A New Generation of Hedge Funds Can Provide Stability

Australia’s sovereign wealth fund CIO is betting hedge funds can help reduce risk.

While some investors see hedge funds as too risky to be part of a pension fund’s portfolio, Raphael Arndt sees the investment vehicle as a necessary tool to help reduce risk while providing uncorrelated returns.

In fact, the CIO of Australia’s A$166 billion ($125.3 billion) sovereign wealth fund, the Future Fund, has so much faith in his hedge fund strategy that  he has an exposure of A$22 billion, or more than 15% of the portfolio, in hedge funds.

“Hedge funds have an important portfolio role to play in generating returns that are uncorrelated to equity markets,” Arndt said last week in as speech before the Insurance Investment Forum in Torquay, Australia. “For the Future Fund, hedge funds have a very specific purpose in our portfolio.  This is to reduce risk—and in particular to provide returns during market environments involving prolonged periods of losses in equity markets.”

Despite the significant portion of the portfolio that is invested in hedge funds, it doesn’t conflict with the Future Fund’s mandate to achieve a return of at least inflation plus 4% per year over the long term, without taking excessive risk.

“I recognize that hedge funds have historically had a public relations problem, being associated with high fees, a lack of transparency, and perceptions of poor ethics and customer focus,” said Arndt.

But Arndt said this perception of hedge funds is a dated stereotype that he refers to as “hedge funds 1.0,” which has given way to what he calls “hedge funds 2.0”—a newly evolved generation of hedge funds.

“The ‘have a hunch, bet a bunch’ hedge fund manager is a relic of a bygone era, largely cleaned out by the GFC [great financial crisis] which exposed strategies which use high leverage and poor risk controls,” said Arndt.  “These have been replaced by institutional-quality investment processes.”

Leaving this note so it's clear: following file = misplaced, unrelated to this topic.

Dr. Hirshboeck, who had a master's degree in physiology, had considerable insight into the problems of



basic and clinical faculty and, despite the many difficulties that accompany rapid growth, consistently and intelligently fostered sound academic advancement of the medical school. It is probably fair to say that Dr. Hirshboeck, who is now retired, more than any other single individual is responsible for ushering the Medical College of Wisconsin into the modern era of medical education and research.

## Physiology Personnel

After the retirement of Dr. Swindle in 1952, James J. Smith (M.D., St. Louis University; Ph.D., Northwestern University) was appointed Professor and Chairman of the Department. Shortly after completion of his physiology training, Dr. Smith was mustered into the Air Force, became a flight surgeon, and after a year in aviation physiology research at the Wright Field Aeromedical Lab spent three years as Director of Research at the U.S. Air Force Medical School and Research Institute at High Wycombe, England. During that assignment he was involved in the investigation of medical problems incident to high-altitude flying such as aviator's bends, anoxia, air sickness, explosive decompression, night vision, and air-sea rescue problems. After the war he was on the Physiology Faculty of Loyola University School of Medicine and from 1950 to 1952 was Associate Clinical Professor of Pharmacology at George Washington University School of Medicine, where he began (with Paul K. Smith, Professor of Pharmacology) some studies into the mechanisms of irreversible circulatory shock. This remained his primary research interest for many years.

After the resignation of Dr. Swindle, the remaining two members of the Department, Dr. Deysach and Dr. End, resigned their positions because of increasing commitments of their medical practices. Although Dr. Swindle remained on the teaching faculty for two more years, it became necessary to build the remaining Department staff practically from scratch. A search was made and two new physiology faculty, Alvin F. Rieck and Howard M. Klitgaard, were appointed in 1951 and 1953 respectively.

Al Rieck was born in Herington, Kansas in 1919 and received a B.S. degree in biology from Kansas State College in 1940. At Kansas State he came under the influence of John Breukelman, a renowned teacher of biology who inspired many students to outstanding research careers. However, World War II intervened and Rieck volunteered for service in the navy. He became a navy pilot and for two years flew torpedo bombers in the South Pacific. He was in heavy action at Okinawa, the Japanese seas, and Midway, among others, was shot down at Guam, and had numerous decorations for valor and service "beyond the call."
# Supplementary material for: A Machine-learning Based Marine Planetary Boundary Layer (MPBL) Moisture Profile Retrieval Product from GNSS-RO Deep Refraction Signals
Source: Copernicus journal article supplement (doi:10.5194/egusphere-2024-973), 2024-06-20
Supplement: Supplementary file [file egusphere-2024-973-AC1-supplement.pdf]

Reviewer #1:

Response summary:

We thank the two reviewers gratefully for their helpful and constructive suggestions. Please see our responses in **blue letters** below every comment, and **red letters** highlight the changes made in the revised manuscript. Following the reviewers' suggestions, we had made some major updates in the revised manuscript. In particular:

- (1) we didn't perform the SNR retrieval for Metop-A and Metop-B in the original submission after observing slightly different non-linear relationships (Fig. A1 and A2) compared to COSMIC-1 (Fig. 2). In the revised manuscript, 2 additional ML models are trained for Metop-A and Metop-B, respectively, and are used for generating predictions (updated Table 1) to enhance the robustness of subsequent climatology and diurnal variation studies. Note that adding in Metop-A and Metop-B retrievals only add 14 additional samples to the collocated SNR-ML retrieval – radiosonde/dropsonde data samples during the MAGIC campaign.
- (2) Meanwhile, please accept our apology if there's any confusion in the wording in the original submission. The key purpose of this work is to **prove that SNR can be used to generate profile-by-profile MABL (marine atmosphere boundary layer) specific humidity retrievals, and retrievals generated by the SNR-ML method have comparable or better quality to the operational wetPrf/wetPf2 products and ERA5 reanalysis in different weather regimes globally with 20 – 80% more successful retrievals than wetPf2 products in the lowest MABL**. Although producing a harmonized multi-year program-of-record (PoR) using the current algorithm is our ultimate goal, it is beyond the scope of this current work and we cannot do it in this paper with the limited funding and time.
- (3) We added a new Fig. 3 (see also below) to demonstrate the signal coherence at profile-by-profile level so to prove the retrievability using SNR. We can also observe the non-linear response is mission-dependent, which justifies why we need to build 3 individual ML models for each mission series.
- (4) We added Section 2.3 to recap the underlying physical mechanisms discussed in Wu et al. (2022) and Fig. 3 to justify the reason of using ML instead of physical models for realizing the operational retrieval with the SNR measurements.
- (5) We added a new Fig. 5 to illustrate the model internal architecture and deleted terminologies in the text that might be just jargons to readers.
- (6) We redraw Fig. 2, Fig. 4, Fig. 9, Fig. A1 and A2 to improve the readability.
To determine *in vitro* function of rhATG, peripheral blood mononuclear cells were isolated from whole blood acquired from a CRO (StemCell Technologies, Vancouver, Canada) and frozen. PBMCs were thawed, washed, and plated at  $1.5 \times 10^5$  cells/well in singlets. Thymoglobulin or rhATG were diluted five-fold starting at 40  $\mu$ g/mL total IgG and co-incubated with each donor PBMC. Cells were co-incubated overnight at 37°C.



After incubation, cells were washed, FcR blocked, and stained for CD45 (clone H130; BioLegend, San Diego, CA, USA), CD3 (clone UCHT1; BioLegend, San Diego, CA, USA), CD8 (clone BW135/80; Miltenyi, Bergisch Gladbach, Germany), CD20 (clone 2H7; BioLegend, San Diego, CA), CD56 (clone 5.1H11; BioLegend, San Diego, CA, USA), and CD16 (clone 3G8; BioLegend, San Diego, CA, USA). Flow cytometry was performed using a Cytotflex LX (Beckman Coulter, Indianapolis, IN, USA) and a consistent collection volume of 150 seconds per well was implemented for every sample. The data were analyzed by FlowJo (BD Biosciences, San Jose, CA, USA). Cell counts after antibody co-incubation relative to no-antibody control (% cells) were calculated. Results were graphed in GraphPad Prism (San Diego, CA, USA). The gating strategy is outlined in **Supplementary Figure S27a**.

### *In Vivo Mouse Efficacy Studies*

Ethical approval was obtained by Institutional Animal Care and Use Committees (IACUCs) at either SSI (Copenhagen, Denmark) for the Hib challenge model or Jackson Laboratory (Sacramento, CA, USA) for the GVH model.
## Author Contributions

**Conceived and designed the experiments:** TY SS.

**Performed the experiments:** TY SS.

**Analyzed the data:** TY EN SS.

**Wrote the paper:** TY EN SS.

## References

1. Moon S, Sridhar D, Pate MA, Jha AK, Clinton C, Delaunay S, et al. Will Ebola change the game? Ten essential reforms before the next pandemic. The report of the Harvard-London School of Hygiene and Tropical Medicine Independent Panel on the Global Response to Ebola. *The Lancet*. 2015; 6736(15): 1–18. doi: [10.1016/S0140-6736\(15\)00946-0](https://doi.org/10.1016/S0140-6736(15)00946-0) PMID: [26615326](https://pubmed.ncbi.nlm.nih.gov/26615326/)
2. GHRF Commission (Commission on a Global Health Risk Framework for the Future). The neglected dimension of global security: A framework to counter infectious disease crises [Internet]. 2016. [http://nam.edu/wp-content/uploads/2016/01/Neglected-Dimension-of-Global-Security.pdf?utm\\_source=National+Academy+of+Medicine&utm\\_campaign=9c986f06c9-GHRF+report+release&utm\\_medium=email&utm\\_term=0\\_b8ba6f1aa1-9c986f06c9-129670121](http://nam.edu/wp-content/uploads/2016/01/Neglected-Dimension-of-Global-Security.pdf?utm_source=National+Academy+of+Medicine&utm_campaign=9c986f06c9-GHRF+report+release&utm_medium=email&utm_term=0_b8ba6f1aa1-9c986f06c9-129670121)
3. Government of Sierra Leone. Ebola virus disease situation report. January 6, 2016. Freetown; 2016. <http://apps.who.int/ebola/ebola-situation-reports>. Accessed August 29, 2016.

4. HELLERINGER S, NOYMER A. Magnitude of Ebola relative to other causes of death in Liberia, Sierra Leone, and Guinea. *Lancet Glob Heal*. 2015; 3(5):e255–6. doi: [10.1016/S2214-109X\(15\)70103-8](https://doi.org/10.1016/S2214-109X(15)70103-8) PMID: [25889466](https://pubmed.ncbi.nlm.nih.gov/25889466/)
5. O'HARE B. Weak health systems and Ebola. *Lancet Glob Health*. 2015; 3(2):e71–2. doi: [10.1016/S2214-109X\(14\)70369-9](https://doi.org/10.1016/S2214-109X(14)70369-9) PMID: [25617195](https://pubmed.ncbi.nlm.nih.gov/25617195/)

Arndt said the Future Fund’s hedge fund portfolio employs three types of strategies, which he refers to as macro-directional, alternative risk premia, and multi-strategy relative value.

Macro-directional can include directional trading, generally through the use of derivatives, or with a portfolio manager making decisions. Alternative risk premia is accessing return streams largely unrelated to financial market assets, such as reinsurance risk. And multi-strategy relative value is a collection of strategies designed to identify and capture temporary deviations in prices between liquid assets, such as equities and bonds.

“These strategies are designed to provide diversifying returns,” said Arndt, “so that in other parts of the portfolio we can invest into riskier assets like equities and illiquid assets such as infrastructure, private equity, and property, while maintaining an appropriate total portfolio construction.”

As of the end of March, the Future Fund reported a return of 8.5% per year over the last 10 years, compared to a target benchmark return of 6.7% per year during that same time period.

Arndt said that avoiding significant losses is particularly important for the Future Fund because, unlike most superannuation funds, it doesn’t receive inflows, and therefore doesn’t have the “luxury” of being able to invest into a down market. Using hedge funds allows it to provide diversifying returns and maintain portfolio flexibility in the event of a significant equity market drawdown.

“I encourage industry participants to consider such a program in their portfolio to protect against the risks associated with a repeat of a GFC type event in equity markets,” said Arndt. “The fees paid, while unquestionably high, are worth paying for skilled managers who collectively can add significant value to the portfolio overall.

“It’s time to re-examine what hedge funds offer,” he added. “The industry has evolved and improved, and features a new breed of managers that are different from their predecessors.”


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